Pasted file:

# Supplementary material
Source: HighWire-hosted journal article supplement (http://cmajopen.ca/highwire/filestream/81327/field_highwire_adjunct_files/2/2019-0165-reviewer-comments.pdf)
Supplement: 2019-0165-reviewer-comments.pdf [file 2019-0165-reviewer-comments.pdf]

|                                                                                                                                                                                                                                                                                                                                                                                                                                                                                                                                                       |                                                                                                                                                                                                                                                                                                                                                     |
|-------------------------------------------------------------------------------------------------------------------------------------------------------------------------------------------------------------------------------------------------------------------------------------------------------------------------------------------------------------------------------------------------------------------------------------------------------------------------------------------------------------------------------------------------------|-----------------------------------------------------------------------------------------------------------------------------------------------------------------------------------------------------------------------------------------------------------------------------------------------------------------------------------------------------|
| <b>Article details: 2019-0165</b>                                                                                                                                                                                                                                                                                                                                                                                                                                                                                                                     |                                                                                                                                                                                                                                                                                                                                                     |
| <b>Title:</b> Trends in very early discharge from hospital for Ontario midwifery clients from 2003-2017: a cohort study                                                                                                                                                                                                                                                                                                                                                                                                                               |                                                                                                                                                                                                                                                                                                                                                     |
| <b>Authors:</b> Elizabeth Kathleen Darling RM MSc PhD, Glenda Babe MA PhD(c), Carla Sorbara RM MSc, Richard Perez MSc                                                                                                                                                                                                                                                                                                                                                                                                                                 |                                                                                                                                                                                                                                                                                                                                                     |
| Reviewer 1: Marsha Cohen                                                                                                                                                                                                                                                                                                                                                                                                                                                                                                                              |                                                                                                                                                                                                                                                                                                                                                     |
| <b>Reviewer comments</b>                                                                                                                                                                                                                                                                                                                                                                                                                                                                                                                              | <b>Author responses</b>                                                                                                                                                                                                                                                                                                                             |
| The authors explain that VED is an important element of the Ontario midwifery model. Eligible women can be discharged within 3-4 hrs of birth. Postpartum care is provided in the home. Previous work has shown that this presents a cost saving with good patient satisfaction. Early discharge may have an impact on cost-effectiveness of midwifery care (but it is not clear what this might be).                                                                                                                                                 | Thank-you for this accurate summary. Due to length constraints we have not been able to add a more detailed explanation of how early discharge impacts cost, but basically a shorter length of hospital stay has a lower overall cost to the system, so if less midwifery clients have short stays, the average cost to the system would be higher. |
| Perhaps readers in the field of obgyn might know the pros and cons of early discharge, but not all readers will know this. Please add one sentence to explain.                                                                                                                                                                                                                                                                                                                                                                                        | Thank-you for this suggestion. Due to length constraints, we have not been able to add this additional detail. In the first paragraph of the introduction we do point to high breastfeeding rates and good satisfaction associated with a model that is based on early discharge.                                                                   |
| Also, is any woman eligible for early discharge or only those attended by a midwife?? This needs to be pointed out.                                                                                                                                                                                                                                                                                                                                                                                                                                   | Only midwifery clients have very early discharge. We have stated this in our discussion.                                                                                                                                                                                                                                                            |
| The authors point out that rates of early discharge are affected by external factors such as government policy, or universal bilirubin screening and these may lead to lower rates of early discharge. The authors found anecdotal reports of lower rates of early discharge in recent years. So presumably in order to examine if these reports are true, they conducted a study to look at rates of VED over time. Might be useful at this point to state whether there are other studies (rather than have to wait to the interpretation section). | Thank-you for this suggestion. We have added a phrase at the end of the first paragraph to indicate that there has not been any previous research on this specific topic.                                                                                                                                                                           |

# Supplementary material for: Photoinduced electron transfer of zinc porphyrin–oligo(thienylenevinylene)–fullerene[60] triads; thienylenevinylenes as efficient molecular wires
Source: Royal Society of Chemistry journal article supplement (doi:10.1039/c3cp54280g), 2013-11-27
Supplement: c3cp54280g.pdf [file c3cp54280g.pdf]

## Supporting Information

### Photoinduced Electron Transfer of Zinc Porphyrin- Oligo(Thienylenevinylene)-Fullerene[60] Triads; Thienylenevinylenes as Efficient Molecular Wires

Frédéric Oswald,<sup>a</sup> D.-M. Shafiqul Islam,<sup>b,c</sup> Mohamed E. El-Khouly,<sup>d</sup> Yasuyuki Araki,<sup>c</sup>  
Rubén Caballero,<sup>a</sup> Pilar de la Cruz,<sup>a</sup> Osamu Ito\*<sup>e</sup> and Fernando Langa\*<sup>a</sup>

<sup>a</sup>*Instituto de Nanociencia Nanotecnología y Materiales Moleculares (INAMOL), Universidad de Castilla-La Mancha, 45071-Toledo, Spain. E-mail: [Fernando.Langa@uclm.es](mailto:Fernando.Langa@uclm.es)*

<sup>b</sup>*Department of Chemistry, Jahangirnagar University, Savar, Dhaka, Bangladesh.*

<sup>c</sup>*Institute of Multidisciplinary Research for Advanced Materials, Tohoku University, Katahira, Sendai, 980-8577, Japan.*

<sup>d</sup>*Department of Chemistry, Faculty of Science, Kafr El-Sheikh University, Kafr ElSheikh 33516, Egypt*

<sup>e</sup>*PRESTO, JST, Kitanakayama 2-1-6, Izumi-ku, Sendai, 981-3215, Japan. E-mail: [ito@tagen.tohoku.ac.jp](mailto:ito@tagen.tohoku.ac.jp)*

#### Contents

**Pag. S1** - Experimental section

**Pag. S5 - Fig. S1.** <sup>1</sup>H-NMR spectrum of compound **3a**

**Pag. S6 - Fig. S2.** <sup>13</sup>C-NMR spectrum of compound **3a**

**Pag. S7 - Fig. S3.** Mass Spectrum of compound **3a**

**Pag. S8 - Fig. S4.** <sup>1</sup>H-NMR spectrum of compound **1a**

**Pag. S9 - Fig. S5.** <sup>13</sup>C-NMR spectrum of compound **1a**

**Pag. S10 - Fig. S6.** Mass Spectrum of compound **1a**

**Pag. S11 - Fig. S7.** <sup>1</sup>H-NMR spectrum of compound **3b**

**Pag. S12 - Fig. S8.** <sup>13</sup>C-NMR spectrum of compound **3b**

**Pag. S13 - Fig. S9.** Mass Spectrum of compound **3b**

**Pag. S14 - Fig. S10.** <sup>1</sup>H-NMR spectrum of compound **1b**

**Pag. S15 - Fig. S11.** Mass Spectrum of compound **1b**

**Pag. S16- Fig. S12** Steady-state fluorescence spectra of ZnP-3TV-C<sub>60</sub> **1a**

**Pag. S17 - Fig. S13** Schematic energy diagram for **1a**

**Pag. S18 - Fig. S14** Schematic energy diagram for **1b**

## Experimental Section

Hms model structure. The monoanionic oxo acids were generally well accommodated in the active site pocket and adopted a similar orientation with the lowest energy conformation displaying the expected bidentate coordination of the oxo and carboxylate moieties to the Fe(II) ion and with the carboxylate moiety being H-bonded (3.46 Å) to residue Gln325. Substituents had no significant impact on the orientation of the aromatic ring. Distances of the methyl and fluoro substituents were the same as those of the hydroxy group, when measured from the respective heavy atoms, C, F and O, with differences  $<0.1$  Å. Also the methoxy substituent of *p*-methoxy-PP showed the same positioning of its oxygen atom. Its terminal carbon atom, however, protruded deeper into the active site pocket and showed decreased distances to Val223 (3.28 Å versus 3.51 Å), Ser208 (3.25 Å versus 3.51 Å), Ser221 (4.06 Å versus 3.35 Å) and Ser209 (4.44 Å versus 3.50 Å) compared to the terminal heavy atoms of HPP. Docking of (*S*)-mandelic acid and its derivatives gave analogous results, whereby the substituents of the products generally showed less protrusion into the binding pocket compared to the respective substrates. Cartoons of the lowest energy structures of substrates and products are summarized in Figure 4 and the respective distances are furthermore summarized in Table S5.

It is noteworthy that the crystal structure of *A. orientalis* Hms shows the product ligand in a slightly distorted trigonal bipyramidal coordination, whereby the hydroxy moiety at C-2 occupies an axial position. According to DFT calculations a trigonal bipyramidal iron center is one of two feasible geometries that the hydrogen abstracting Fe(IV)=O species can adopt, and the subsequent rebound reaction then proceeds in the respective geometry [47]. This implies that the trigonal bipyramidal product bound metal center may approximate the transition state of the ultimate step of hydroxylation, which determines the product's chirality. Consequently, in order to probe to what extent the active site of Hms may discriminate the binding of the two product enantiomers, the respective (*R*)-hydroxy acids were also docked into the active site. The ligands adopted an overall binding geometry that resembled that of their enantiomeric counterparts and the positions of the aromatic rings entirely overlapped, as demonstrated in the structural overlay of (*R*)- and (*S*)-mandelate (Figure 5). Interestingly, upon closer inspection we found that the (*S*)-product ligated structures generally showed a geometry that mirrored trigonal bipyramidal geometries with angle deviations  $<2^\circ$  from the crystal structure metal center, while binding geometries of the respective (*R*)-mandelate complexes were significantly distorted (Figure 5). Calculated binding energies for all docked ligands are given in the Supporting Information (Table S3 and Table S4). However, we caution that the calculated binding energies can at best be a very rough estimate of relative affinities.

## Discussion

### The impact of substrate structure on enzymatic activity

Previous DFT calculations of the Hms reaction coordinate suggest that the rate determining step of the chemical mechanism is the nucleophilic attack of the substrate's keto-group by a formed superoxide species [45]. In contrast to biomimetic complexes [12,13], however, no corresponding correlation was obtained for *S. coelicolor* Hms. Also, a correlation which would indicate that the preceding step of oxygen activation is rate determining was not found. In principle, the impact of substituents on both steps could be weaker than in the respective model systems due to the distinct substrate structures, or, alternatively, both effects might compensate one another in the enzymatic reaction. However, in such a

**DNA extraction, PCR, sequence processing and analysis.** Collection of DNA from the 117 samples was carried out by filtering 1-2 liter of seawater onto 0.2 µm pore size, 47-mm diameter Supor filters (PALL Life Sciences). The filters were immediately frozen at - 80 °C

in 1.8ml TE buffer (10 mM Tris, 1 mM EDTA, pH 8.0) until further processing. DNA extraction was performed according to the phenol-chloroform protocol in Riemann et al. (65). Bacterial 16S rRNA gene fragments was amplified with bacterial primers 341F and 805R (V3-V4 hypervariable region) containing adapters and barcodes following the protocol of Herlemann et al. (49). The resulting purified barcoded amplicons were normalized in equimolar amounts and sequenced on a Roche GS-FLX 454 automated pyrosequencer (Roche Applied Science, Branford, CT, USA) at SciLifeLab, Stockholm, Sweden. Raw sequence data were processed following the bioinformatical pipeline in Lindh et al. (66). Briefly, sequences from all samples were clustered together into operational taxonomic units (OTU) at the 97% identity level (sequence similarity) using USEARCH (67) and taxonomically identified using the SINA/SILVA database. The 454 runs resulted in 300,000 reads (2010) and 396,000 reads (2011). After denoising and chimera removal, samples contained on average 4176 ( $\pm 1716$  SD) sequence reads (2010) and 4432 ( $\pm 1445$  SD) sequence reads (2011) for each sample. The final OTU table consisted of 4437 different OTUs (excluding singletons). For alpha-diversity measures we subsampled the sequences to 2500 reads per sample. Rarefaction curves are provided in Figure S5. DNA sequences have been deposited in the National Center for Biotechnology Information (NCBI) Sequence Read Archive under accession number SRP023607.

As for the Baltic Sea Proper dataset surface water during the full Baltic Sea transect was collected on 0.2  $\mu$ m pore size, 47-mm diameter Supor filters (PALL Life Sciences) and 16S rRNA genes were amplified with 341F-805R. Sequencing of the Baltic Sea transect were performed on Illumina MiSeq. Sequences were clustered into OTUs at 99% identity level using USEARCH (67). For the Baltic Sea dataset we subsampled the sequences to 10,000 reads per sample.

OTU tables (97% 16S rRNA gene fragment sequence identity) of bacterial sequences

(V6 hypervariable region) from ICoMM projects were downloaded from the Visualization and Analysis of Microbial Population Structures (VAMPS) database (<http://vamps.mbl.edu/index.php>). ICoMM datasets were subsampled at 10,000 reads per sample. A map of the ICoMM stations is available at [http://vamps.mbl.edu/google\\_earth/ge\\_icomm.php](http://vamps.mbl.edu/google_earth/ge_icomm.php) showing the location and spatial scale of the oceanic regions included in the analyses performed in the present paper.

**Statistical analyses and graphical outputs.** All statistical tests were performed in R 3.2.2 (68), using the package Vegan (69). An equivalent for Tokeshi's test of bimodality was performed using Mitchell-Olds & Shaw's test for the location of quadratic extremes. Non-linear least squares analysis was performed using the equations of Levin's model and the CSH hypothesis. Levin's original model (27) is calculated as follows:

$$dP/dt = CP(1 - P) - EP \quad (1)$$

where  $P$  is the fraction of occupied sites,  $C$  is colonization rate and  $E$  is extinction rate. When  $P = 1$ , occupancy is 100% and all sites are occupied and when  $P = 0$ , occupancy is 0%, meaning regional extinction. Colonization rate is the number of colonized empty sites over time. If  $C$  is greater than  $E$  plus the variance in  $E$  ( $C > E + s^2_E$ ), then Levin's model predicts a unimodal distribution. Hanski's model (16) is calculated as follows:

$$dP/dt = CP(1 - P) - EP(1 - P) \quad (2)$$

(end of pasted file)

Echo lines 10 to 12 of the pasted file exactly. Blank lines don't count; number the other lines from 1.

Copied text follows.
| <b>Reviewer comments</b>                                                                                                                                                                                                                                                                                                                                                                                                                                                                                                                              | <b>Author responses</b>                                                                                                                                                                                                                                                                                                                             |
| The authors explain that VED is an important element of the Ontario midwifery model. Eligible women can be discharged within 3-4 hrs of birth. Postpartum care is provided in the home. Previous work has shown that this presents a cost saving with good patient satisfaction. Early discharge may have an impact on cost-effectiveness of midwifery care (but it is not clear what this might be).                                                                                                                                                 | Thank-you for this accurate summary. Due to length constraints we have not been able to add a more detailed explanation of how early discharge impacts cost, but basically a shorter length of hospital stay has a lower overall cost to the system, so if less midwifery clients have short stays, the average cost to the system would be higher. |
| Perhaps readers in the field of obgyn might know the pros and cons of early discharge, but not all readers will know this. Please add one sentence to explain.                                                                                                                                                                                                                                                                                                                                                                                        | Thank-you for this suggestion. Due to length constraints, we have not been able to add this additional detail. In the first paragraph of the introduction we do point to high breastfeeding rates and good satisfaction associated with a model that is based on early discharge.                                                                   |